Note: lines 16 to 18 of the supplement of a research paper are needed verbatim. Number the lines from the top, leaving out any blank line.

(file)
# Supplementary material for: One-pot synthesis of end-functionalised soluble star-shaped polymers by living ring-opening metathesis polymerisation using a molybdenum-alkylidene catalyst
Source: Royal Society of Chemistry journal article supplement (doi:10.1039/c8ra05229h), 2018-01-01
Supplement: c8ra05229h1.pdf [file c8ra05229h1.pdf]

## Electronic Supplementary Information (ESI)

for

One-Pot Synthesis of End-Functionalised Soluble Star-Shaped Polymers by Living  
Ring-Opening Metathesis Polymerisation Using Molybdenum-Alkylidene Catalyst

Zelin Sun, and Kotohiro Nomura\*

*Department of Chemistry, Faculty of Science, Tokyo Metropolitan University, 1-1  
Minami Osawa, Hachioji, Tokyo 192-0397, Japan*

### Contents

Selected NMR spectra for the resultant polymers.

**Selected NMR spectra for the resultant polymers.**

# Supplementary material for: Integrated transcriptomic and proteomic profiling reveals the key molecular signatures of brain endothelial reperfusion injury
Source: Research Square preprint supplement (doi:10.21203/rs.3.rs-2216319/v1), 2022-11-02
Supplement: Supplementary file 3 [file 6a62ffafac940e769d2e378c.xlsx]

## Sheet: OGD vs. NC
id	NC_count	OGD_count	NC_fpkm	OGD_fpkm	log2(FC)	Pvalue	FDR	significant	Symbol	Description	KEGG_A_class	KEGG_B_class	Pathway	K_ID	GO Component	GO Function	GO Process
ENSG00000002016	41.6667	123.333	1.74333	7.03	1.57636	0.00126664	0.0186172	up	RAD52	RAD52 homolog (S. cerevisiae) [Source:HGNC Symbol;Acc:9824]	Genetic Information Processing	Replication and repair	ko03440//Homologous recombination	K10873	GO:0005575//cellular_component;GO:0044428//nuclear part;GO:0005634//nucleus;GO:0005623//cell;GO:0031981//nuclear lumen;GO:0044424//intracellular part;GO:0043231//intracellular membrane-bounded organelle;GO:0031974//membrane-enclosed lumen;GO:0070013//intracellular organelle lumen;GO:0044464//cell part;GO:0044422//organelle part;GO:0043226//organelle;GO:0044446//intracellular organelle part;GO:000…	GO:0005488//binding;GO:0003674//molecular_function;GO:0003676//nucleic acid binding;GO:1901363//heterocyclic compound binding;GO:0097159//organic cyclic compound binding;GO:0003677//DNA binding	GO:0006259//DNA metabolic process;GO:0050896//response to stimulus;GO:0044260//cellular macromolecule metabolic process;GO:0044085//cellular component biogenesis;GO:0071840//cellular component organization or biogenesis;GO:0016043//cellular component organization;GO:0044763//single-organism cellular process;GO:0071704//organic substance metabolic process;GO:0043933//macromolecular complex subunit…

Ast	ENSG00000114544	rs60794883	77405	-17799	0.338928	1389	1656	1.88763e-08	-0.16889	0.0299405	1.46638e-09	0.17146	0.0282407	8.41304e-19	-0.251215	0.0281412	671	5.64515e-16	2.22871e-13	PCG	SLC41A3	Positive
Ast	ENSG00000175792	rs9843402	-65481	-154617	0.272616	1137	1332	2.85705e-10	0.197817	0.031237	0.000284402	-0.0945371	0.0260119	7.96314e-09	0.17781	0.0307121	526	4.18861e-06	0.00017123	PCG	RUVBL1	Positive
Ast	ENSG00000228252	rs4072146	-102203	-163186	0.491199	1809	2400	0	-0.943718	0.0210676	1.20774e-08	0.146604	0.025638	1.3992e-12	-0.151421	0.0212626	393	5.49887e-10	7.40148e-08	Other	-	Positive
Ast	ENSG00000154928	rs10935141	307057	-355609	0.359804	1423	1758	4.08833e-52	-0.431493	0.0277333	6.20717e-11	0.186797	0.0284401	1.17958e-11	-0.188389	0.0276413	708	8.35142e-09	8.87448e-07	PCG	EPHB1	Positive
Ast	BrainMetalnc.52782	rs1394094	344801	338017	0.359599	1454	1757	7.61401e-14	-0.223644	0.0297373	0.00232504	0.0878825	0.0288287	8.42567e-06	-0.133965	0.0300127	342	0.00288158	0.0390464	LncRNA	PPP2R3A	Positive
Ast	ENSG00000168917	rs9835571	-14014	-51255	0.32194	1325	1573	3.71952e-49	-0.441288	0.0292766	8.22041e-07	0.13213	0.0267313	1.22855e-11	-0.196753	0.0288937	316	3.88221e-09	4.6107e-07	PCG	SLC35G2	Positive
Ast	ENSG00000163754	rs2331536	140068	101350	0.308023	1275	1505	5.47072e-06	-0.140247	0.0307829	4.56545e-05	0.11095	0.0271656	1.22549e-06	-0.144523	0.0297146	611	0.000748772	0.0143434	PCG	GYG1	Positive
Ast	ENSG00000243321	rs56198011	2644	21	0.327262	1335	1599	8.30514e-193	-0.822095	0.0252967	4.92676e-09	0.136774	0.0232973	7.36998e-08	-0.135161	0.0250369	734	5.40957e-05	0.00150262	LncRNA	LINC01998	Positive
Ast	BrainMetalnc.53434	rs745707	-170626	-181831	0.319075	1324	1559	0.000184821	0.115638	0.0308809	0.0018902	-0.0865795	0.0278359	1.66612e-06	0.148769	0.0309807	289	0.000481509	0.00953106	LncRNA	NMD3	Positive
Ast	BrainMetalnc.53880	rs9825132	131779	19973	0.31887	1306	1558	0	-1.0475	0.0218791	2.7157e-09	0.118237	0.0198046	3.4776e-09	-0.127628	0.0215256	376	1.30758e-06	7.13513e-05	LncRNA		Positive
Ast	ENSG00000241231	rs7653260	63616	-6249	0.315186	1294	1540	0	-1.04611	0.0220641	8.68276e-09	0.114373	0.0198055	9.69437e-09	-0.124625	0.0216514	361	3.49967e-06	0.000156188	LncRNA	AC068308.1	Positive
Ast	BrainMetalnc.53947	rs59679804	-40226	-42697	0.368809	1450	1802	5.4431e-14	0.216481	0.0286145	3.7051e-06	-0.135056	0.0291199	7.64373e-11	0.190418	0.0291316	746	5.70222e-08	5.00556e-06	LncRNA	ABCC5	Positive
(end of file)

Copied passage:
Supplement: Supplementary file 3 [file 6a62ffafac940e769d2e378c.xlsx]

## Sheet: OGD vs. NC
id	NC_count	OGD_count	NC_fpkm	OGD_fpkm	log2(FC)	Pvalue	FDR	significant	Symbol	Description	KEGG_A_class	KEGG_B_class	Pathway	K_ID	GO Component	GO Function	GO Process